Saturday, June 21, 2003
Fuck the Centrists: How to Win Back the White House in 2004 Number One.
Not content merely in (the recommending of) bullying the governments of the world around, now the American Enterprise Institute wants to go after NGOs, too.
Well, now, I think it's nigh time to issue the AEI new britches--are ya with me, world!?
See also: Bush to NGOs: Watch Your Mouths, by the uber-beauty: Naomi Klein.
As President Bush said at an AEI dinner in February, "At the American Enterprise Institute, some of the finest minds in our nation are at work on some of the greatest challenges to our nation. You do such good work that my administration has borrowed 20 such minds." In other words, the AEI is more than a think tank; it's Mr. Bush's outsourced brain.
I, George Dubya
I think there is some methodology in my travels
There's no question that the minute I got elected,
the storm clouds on the horizon
were getting nearly directly overhead.
There may be some tough times here in America.
But this country has gone through tough times before,
and we're going to do it again.
There's no cave deep enough for America,
or dark enough to hide.
If you're sick and tired of the politics
of cynicism and polls and principles,
come and join this campaign.
I understand how difficult
It is to put food on your family.
Families is where our nation finds hope,
where wings take dream.
When I was coming up
it was a dangerous world
and you knew exactly
who they were,
It was Us vs. Them,
and it was clear who them was.
Today, we are not so sure
who the they are,
but we know they're there.
It's a world of madmen and uncertainty
and potential mental losses
We're concerned about AIDS
inside our White Houseó
make no mistake about it.
And, you know, hopefully,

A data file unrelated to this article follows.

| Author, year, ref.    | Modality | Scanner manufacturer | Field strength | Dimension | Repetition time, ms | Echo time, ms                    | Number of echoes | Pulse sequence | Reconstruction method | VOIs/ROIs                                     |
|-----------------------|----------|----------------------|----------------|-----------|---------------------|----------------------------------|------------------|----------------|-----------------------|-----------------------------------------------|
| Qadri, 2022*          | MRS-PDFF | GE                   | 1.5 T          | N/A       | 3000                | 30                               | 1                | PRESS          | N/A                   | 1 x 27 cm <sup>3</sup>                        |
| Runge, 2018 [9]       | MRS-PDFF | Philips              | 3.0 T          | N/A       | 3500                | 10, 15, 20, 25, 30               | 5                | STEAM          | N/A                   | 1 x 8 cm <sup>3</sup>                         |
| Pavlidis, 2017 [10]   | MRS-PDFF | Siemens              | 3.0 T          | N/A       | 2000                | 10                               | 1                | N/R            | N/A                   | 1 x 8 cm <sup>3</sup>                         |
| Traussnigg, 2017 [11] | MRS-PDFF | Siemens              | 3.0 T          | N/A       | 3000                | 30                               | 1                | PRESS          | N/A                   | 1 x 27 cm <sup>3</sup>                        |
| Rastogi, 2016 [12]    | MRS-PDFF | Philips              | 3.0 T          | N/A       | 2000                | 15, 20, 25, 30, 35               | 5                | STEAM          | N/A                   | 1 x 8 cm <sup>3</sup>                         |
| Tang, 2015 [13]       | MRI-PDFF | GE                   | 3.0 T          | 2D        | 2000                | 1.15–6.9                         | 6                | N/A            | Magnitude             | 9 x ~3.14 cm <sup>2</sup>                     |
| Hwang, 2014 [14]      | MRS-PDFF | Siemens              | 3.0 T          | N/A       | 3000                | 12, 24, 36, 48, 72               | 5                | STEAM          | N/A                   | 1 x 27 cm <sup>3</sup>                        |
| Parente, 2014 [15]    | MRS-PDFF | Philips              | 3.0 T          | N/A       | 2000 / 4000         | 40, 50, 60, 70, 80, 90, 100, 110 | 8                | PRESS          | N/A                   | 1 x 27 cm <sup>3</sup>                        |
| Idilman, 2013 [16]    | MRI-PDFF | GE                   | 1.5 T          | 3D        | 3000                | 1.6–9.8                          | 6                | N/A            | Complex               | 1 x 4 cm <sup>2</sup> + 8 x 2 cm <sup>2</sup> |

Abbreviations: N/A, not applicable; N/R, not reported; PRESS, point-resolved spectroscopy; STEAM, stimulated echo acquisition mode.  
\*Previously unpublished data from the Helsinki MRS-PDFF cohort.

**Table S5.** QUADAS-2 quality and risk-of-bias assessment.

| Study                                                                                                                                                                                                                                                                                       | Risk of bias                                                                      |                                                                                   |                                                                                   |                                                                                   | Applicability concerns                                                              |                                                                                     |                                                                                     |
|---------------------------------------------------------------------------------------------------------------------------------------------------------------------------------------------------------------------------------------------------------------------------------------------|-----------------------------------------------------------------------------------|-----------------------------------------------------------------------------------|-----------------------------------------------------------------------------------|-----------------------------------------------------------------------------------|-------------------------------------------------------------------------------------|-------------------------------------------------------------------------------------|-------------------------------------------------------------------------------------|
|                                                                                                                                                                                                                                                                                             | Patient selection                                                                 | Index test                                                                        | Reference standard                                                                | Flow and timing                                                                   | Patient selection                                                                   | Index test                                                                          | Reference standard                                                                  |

condoms will work,
but it hasn't worked.
I also understand how tender
the free enterprise system can be.
It would be a mistake for
the United States Senate
to allow any kind of human cloning
to come out of that chamber.
We have nothing to fear butó
Friday, June 20, 2003
Thursday, June 19, 2003
A funny thing happened while following the money trail of the neoconservatives who have hijacked U.S. foreign policy. The path led to a network of financial and intellectual resources that also is dedicated to neoracism.
Wednesday, June 18, 2003
Starting this week, the nation's largest discount retailer will quietly begin selling tracking-chipped products to clueless shoppers. The first volley in their war against our privacy is set to start at their Brockton, Massachusetts store.
Wal-Mart will put Radio Frequency I.D. sensors on shelves stocked with RFID-tagged Gillette products, but they'd rather you didn't know about it, because, hey, you might not like it, and then you might make noise and then they'd have a big PR mess on their hands.
You might even stop buying Gillette products or, say, refuse to shop at Wal-Mart.
These chips, researched at M.I.T.'s Auto-ID Center are about the size of a grain of sand. Chipsters say the technology will only be used to help retailers keep track of inventory - like bar codes. But privacy-loving consumers question the very concept of a device that sends out radio waves to "readers" that not only identify the article, but where and with whom it's going.
The Big Brother implications of this thing need little hyping to get your skin crawling.
Riyadh, Saudi Arabia - Weapons and explosives smuggled out of Iraq after the collapse of Saddam Hussein's regime may have ended up in the hands of al-Qaida militants in Saudi Arabia, according to Saudi officials and a former Iraqi army officer.